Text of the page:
December 2, 2016 at 7:00 AM
The plant is at the center of a fierce battle between the Drug Enforcement Administration and advocates who say kratom is a safer alternative to the powerful opiates that have fueled a nationwide addiction crisis. While little known in the United States, the plant has been used in Southeast Asia for centuries as a stimulant and pain reliever.
The DEA delayed its plan to temporarily ban the drug this fall after receiving a wave of backlash. It opened up a public comment period that ended at midnight, calling on citizens and experts to publish their thoughts on a federal website.
"I am [a] 62 yrs old veteran and have suffered from Depression, anxiety & PTSD all my life," wrote one commenter, identifying himself as Tom Uhas. "If Kratom is banned by the DEA my quality of life will decrease tremendously."
"Please don't ban kratom," Saundra Geer pleaded. "It's the one natural alternative to opioids that I can take for my severely chronic fibromyalgia, RSD, and several other chronic pain diseases or illnesses."
"Kratom saved my life," Matthew Roe wrote bluntly. "Before finding kratom I was a functioning alcoholic and I barely made it to work because of the daily hangovers which plagued my waking life."
After trying kratom, "I felt normal, I felt functional," Roe added.
A relative of the coffee plant, kratom at higher doses has effects similar to opiates. Advocates say the plant — typically crushed and mixed or brewed with water — relieves severe pain and helps them overcome addictions to powerful prescription painkillers.
Researchers just recently wised up to the drug, which appears to come with fewer harmful side effects than opioids and a diminished risk of dependency.
In the DEA's view, the drug posed "an imminent hazard to the public safety." The agency cited a spike in poison control center calls involving kratom use, as well as 15 fatalities over three years that may have been linked to use of the drug.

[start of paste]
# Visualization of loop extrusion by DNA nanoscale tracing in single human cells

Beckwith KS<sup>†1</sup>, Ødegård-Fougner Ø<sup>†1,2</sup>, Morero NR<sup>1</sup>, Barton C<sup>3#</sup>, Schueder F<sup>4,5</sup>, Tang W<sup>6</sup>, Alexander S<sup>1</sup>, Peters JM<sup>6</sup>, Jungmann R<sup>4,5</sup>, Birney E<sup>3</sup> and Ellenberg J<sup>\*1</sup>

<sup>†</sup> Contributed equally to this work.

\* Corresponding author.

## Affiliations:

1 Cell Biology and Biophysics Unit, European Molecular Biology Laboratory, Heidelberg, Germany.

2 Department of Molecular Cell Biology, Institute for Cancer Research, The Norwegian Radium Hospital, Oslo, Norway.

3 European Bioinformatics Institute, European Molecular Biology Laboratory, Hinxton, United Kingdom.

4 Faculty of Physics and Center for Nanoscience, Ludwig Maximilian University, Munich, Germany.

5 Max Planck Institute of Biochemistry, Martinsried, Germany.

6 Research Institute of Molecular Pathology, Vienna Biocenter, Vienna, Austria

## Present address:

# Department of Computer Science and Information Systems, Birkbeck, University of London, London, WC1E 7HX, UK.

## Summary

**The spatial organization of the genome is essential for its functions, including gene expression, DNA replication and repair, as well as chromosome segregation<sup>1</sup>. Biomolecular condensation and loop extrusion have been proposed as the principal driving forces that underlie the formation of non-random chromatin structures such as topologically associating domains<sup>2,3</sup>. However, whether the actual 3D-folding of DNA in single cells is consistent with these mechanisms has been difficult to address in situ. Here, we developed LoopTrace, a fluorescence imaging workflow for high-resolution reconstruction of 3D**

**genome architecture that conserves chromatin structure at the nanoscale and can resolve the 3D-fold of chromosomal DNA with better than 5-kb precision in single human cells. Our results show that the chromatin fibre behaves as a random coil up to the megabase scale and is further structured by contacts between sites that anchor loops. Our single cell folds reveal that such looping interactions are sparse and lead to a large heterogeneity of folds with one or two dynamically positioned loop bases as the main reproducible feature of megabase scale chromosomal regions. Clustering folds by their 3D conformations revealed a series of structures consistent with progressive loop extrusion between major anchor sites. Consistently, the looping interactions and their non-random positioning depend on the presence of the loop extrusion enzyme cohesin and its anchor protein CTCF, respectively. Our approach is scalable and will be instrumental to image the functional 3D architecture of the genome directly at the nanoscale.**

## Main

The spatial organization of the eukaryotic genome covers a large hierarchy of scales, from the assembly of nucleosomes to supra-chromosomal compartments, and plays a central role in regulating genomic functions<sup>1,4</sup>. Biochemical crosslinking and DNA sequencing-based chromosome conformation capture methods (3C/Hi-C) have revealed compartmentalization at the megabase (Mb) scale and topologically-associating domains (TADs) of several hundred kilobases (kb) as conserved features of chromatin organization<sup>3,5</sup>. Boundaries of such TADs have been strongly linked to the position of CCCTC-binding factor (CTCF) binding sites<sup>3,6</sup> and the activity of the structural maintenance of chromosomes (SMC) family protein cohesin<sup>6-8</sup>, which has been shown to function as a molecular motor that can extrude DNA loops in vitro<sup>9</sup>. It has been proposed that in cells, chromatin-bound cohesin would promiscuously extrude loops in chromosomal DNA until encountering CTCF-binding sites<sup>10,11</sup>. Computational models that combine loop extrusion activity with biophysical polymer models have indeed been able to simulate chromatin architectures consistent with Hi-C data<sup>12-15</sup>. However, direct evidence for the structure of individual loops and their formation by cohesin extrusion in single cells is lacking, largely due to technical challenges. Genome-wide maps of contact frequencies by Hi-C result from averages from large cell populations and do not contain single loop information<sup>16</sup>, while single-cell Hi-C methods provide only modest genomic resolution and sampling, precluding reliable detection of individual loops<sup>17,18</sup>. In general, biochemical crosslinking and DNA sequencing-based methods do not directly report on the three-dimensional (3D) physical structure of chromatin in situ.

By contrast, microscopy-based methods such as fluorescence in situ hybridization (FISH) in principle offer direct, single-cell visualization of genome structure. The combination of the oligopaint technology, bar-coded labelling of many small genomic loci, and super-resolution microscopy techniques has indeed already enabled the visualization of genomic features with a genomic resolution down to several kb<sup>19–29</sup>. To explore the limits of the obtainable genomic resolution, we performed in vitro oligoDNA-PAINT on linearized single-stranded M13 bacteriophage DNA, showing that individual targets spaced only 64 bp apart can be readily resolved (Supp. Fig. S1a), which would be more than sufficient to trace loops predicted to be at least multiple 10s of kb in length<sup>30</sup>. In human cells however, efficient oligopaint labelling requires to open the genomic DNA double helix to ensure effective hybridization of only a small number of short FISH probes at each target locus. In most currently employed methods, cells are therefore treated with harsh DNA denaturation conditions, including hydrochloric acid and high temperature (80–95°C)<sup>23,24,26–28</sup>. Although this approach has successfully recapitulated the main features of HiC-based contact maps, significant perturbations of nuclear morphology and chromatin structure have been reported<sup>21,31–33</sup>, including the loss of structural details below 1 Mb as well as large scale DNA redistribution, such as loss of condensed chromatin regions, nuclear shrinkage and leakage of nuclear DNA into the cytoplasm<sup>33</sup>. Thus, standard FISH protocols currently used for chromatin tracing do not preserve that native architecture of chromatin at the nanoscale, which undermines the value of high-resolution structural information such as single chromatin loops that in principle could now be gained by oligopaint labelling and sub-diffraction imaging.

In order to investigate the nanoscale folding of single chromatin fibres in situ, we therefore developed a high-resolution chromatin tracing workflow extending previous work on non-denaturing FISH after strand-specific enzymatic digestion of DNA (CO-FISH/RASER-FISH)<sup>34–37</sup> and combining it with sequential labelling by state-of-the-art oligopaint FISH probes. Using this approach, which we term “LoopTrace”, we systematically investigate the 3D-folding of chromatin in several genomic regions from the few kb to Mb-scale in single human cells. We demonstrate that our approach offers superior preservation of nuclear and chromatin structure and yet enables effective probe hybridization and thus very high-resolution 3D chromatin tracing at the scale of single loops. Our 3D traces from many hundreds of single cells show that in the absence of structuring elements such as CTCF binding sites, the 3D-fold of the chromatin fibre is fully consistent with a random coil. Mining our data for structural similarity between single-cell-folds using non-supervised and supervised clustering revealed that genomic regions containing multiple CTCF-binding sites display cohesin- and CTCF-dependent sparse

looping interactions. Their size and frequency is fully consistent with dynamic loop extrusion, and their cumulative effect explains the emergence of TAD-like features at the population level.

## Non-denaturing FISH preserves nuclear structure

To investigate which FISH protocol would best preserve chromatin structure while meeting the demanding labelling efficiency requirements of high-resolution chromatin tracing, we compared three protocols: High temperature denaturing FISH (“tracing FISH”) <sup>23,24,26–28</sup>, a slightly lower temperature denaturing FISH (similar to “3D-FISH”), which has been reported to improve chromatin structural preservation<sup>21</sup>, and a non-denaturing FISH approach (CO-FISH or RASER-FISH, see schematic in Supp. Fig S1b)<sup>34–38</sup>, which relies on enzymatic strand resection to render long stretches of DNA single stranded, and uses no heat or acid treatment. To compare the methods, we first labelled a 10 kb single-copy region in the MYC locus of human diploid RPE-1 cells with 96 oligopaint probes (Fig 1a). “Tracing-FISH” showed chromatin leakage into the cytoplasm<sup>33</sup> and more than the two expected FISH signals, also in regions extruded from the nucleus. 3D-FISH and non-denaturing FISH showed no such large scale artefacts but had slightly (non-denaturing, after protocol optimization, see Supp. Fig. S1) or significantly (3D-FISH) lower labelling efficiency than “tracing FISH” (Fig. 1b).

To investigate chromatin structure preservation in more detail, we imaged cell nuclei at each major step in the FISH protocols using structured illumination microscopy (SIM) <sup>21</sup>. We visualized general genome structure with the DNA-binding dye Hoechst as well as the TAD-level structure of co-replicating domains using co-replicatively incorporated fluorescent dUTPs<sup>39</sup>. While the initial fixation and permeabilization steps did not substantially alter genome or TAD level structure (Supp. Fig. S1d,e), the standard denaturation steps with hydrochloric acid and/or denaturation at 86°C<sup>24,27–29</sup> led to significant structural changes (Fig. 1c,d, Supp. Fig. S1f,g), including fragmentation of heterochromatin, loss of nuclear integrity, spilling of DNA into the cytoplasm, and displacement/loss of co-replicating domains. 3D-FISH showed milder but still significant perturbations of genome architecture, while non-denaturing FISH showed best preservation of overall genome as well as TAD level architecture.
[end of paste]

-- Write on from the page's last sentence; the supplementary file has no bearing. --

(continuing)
The DEA announced its intent to temporarily place the drug into Schedule 1 of the Controlled Substances Act last summer, effectively banning its use and sale. The move also would grind research into the drug to a halt.
But the backlash against the move from kratom users, researchers and even lawmakers caught the DEA by surprise, and in a turnabout that drug policy experts called "shocking," the agency put off the temporary ban.
Henningfield, working with the drug policy consulting group Pinney Associates, produced a 127-page analysis that concludes that placing kratom under the DEA's jurisdiction as part of the Controlled Substances Act "is not warranted from a public health perspective and is more likely to cause public health problems that do not presently exist."
Instead, Henningfield and his colleagues argue that kratom should be regulated as a natural supplement, such as St. Johns Wort or Valerian, under the FDA's Food, Drug and Cosmetic Act.
Henningfield's analysis reviewed the extant literature and evidence on the drug following the same eight-factor framework the DEA uses to make its scheduling decisions. It considers factors such as abuse potential, the history of its use, the health impact of using the drug, and the drug's effects.